GSA Annual Meeting in Denver, Colorado, USA - 2016

Paper No. 129-5
Presentation Time: 2:40 PM


HU, Xiaoni1, HELLER, Paul L.1 and JONES, Nick2, (1)Geology & Geophysics, University of Wyoming, Dept 3006, Geology, Univ. of Wyoming, Laramie, WY 82071, (2)Enhanced Oil Recovery Institute (EORI), University of Wyoming, 1000 E University Avenue, Laramie, WY 82071,

Most previous geologic studies suggest that Laramide Uplift in the Bighorn Mountains area took place and made significant surface relief in Paleocene time. These studies are based upon structural and stratigraphic data, such as cross-cutting relationships and provenance data, which are more indicative of the latest time of activity and not necessarily the initiation of mountain building. Here we use 3D flexural analysis to build the basin subsidence models of the Powder River Basin and the Wind River Basin in northeast Wyoming, attempting to estimate the timing and the magnitude of the major uplifts of this area.

Modified isopach maps of latest Cretaceous and Paleocene deposits (Lance and Fort Union Formations) based on well-log data and outcrops in both the Powder River Basin and the Wind River Basin are used in our research. We built a 3D flexural model that was very similar to the real pattern of the basin subsidence by changing the flexural rigidity and the height of mountains. With the Assumption that lithospheric rigidity is unlikely to have strongly difference in such a limited area, we are able to further constrain the location and the average height of mountain loads which are needed to form the final subsidence pattern in the whole basin.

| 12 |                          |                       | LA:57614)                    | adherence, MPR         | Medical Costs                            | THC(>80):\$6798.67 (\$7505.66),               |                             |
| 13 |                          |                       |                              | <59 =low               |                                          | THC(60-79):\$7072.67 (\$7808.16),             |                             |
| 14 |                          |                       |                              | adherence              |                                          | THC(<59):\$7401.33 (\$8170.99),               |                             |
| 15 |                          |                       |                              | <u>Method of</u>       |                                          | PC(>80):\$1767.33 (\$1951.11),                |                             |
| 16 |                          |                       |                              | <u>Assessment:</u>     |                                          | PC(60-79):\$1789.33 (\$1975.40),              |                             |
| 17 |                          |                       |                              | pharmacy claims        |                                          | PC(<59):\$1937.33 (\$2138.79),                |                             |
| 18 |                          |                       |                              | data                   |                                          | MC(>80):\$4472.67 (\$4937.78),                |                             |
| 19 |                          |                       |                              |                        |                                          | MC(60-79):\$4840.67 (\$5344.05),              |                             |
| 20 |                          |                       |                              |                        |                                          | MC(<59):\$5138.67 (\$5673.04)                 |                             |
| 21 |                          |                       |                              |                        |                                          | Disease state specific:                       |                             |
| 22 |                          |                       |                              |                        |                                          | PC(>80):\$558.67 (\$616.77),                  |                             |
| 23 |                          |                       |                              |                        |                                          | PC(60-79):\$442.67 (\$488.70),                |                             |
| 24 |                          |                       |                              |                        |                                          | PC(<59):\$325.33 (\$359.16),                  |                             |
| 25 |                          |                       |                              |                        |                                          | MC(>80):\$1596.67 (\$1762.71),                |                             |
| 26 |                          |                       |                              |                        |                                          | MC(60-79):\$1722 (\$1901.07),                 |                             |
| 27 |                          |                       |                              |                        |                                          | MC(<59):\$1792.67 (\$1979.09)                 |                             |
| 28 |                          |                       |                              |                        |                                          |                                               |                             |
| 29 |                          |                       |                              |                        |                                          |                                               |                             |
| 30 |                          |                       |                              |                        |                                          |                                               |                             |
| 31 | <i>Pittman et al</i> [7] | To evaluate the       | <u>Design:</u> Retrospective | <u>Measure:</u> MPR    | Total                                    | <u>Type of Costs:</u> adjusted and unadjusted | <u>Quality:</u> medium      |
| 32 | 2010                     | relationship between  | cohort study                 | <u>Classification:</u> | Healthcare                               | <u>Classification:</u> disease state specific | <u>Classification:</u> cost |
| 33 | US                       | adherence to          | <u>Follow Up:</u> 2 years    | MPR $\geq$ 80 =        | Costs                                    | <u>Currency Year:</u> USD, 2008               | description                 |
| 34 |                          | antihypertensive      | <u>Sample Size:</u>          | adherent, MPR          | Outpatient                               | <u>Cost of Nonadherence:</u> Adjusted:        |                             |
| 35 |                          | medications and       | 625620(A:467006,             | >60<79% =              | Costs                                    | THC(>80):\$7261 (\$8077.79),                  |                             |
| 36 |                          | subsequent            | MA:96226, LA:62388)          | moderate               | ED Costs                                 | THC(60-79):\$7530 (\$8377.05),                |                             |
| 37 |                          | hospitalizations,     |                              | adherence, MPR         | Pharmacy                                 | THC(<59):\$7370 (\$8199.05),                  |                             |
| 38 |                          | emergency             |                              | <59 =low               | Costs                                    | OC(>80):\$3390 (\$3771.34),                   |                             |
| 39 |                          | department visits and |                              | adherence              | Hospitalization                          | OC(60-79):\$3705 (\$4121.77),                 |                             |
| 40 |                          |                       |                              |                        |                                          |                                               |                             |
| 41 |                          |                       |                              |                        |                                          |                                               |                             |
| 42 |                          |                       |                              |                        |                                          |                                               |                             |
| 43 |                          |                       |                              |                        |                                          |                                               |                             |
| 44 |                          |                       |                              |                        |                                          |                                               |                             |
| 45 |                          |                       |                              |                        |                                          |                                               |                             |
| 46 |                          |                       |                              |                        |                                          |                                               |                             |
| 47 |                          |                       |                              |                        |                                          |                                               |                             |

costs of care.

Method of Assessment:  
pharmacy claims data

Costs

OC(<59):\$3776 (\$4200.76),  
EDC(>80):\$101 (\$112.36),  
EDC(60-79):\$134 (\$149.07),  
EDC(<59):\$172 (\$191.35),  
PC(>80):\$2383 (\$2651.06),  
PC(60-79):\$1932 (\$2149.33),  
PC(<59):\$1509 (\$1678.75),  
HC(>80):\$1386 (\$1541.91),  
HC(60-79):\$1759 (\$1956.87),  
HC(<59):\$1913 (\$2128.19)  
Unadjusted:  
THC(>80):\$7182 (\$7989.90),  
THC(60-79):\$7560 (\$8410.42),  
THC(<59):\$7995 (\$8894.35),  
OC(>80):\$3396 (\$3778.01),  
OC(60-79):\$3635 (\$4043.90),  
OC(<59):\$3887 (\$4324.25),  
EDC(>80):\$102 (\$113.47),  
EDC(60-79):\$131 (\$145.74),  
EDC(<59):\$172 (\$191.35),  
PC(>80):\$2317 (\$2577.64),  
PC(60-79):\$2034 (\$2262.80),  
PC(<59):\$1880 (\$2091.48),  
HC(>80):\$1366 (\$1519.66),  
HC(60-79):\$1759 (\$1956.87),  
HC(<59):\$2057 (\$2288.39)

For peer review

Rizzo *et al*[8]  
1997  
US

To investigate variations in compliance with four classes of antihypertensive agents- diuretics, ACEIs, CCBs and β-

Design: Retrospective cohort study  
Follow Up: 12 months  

Tentative results suggest that the Casper Arch, the Northern Laramie Range and the Hartville Uplift were active in Maastrichtian time, with a surface average height about 1km. The Powder River Basin Subsided most significantly in the southwest part because of the corner effect of these ranges. Meanwhile, the uplifting of the Casper Arch also leaded to the subsidence in the east part of the Wind River Basin. During Paleocene time, loading was changed to dominate the locations of the Owl Creek Range and the Bighorn Mountains. Therefore, the depocenter of the Fort Union Formation in the Powder River Basin shifted to the north. The depocenter of the Wind River Basin also moved slightly to the west because of the uplifting of the Owl Creek Range. There was about 2km of surface uplift along the Bighorn Mountains in the end of the Paleocene time. With additional constraints placed by reported unroofing histories, the total rock uplift exceeded 5km. No evidence shows the subsidence along the east edge of the Powever River Basin. Therefore, the Black Hills didn't come out until early Eocene.